Councillors on the City Administration Committee will be asked this week to give Glasgow City Council officials the green light to engage with partners within the Glasgow City Region to put forward a green freeport bid.
New green freeports
It was announced in 2020 that 10 new freeports would be opening in the UK, with the eight English locations revealed in 2021.
It was then announced last month that the UK and Scottish governments had come to agreement to open two green freeports in Scotland.
The report explains: “To support delivery of this initiative, the UK Government has agreed to provide seed funding for the two green freeports in Scotland with an equivalent level of funding as their English counterparts, up to £52m in total.
“This is in addition to the tax reliefs that will be made available to each area through HMRC reserved levers. The Scottish Government will also provide rate relief through devolved tax levers, and both governments will consider how other reserved and devolved funding streams could support the successful delivery of green freeports.”
Regarding the ‘green’ aspect of the project, applicants will have to contribute towards a transition to net zero emissions by 2045, delivering net zero benefits and creating green jobs.
The two governments will assess all bids, with the winning bids expected to be announced in the summer. The new sites could be operational by May 2023.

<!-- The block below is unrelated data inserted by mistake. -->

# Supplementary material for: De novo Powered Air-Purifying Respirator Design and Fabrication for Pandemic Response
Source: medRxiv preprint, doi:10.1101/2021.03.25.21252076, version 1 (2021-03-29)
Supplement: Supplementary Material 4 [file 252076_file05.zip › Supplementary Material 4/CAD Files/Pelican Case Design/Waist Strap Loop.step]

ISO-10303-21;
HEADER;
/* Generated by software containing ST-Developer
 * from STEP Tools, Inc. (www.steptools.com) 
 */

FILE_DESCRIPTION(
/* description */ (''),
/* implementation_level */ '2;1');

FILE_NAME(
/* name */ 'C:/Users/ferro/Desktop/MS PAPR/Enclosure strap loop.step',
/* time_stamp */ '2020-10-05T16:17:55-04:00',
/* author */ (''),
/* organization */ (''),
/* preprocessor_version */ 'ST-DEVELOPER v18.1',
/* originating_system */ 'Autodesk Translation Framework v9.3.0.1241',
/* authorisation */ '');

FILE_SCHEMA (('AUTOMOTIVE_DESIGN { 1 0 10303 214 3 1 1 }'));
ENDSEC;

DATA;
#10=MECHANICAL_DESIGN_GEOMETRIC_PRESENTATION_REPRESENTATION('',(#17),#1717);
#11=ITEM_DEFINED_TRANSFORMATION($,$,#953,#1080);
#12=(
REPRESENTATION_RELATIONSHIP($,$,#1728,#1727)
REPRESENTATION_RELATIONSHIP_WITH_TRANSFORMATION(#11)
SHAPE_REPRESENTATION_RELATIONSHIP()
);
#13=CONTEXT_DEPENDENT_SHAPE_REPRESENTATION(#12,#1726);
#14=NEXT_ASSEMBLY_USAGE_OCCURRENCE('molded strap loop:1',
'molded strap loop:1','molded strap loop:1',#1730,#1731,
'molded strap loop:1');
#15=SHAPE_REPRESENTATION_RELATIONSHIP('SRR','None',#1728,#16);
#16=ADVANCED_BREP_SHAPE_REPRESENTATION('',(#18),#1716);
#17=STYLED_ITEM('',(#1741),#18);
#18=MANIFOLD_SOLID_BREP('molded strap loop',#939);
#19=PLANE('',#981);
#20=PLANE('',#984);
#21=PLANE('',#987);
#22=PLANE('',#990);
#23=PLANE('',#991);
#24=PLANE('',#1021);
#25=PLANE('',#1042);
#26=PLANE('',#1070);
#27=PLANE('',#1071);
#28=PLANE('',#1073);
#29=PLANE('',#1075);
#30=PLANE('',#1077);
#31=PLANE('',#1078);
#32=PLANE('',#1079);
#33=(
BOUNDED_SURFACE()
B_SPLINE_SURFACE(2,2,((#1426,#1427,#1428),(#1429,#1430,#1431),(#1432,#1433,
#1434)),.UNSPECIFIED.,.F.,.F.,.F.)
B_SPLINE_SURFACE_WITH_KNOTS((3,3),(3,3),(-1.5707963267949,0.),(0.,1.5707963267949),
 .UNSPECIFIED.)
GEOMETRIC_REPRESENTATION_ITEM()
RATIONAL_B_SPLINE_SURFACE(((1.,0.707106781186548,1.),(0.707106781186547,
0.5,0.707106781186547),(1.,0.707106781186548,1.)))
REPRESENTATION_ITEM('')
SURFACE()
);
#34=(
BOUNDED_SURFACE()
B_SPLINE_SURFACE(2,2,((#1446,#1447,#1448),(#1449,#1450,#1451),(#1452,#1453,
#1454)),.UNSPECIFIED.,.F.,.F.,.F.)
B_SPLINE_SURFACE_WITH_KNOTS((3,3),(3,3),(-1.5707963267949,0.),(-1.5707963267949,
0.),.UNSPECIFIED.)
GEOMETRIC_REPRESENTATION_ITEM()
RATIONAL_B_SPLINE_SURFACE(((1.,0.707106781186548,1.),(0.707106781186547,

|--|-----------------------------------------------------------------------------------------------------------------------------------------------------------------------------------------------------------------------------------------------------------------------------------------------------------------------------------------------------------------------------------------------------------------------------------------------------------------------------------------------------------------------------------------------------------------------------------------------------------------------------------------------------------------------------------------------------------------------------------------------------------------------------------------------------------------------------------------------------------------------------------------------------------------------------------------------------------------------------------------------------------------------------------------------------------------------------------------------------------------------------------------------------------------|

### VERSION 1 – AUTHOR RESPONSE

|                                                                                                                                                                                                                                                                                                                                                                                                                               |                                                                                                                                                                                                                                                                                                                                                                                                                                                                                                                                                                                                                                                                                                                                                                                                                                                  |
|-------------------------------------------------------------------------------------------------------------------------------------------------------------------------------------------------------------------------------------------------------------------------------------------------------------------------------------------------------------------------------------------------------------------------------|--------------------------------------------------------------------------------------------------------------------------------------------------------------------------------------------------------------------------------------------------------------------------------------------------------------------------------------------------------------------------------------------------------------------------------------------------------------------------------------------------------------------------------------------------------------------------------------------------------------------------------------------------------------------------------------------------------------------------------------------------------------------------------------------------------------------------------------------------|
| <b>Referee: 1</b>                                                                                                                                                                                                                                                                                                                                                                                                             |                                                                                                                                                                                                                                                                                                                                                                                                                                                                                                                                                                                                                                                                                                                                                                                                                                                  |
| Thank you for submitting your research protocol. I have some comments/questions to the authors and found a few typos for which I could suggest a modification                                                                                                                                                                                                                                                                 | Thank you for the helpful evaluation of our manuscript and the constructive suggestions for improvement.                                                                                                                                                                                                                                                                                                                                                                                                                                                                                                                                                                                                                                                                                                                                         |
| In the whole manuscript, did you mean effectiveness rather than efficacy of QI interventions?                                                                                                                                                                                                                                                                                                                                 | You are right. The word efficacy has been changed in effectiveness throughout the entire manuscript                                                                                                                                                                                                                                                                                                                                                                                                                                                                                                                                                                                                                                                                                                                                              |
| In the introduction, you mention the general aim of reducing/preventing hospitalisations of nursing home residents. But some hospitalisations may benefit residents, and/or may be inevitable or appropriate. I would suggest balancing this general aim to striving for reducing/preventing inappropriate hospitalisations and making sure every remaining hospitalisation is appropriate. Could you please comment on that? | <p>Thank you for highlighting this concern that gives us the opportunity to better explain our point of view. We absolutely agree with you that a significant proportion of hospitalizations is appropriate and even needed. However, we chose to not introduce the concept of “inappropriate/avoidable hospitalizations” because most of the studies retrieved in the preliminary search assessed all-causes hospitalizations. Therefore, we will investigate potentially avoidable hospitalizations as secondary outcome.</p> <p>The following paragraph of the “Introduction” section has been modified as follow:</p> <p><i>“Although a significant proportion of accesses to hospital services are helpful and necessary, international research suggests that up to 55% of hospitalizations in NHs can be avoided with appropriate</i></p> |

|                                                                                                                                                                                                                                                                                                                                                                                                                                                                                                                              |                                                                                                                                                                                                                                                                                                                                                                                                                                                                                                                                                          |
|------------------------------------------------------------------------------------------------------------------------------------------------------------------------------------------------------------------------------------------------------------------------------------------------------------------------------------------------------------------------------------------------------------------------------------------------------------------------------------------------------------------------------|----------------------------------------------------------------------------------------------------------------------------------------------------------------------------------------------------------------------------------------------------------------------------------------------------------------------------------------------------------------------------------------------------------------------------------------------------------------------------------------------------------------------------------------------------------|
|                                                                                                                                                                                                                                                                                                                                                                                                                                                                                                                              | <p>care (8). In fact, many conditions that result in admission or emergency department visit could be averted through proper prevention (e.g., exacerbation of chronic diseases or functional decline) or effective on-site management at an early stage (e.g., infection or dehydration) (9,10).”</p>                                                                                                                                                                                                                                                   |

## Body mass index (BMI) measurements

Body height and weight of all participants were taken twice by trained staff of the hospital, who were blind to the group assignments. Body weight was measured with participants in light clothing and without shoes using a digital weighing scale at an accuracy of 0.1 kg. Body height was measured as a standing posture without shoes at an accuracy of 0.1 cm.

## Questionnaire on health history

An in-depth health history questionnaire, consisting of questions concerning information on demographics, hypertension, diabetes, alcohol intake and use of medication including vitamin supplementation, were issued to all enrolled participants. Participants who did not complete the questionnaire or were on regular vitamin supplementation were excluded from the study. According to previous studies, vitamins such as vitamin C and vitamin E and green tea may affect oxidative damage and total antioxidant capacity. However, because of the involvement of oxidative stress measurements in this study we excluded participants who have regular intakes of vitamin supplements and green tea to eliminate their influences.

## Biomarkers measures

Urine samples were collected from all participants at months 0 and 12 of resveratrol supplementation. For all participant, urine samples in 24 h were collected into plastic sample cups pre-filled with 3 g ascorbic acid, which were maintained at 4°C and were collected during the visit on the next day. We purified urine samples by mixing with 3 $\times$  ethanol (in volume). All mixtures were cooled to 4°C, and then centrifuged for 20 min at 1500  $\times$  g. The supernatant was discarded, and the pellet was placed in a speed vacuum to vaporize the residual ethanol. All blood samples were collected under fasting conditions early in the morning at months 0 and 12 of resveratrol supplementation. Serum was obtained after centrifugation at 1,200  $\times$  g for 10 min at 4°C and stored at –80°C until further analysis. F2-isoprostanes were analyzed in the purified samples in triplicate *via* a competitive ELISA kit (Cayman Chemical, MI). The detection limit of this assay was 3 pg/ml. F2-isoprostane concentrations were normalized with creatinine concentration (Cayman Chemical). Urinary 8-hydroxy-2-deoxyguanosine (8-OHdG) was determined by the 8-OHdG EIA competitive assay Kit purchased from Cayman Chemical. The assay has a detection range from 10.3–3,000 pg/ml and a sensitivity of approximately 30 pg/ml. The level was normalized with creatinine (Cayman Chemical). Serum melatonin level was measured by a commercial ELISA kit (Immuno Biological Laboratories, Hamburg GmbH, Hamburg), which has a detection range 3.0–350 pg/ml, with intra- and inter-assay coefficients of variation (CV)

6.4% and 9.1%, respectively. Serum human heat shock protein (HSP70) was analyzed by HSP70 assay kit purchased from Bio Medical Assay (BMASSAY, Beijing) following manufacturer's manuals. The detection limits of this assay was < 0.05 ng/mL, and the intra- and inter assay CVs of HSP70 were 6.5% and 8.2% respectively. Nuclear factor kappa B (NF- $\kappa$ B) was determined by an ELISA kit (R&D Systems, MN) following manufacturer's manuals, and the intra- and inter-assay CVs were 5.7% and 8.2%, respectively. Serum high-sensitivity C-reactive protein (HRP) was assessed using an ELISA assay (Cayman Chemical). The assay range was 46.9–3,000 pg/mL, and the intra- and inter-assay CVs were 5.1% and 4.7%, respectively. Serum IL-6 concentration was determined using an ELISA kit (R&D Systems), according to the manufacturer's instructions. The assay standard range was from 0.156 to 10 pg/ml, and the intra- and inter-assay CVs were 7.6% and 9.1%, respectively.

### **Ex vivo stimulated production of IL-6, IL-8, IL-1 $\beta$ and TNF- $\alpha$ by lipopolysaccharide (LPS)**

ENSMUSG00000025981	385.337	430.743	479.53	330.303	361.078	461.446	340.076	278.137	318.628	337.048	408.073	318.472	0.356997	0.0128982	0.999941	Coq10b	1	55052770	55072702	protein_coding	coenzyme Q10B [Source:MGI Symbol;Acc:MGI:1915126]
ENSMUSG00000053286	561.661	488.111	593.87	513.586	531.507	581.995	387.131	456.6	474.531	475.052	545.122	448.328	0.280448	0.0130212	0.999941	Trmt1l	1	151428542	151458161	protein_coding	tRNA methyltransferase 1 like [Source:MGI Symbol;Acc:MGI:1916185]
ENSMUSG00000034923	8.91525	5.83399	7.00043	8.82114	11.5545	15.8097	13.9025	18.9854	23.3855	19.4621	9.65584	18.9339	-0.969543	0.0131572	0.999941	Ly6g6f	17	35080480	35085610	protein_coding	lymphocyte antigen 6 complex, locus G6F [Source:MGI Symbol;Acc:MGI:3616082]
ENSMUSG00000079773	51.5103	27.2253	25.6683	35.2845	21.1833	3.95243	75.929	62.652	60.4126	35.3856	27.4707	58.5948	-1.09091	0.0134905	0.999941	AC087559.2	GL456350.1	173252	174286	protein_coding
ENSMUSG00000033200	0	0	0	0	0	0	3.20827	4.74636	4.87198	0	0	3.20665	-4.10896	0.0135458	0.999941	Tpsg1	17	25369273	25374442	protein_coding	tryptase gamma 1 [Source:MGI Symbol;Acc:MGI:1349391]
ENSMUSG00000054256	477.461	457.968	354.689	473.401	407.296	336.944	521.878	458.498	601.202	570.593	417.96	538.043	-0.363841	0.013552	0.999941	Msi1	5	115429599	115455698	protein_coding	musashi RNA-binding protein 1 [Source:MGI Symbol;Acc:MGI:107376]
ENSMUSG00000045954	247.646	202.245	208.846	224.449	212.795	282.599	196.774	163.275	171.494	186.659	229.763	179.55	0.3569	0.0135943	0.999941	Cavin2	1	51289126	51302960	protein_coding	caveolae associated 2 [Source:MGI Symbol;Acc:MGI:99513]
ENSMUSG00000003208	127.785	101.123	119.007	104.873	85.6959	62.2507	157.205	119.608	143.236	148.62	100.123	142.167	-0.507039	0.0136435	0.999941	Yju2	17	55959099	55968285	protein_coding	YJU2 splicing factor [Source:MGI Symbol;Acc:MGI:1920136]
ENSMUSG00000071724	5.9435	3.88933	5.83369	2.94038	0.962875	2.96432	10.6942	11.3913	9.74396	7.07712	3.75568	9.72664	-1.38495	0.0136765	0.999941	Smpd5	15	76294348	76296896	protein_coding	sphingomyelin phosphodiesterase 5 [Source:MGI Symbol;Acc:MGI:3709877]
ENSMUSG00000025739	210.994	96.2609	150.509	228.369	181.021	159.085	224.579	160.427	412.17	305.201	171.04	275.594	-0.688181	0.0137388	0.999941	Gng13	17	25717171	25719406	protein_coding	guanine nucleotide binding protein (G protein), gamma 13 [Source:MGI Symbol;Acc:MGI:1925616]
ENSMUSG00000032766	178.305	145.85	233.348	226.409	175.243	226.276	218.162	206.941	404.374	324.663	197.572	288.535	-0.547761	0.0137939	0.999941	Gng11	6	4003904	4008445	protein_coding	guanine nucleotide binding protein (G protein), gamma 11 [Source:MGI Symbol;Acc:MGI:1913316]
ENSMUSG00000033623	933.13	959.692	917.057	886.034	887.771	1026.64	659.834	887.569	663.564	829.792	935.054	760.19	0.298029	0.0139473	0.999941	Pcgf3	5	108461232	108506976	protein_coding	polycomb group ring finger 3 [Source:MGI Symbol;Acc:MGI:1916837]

Glasgow City Council and other local authorities within the Glasgow City Region - North Lanarkshire, Inverclyde, West Dunbartonshire and Renfrewshire - have held discussions about a possible green freeport bid.
These discussions have involved private sector associated with “some of the principal transport infrastructure facilities” in the region.
The consortium is now seeking expressions of interest from consultants to help the region put forward a bid.
What is a freeport?
There are thousands of freeports around the world. They operate as secure custom zones and are subject to bespoke customs and tax arrangements.
While goods moved in and out of countries are usually subject to tariffs, payable to the country the port is in, goods which pass through freeports tend to be exempt from these.
The hope is that companies invest in the area, create jobs and boost the local economy.
While freeports are usually based at sea ports, this is not always the case. Prestwick Airport was an established freeport for many years, before this was stopped in 2012.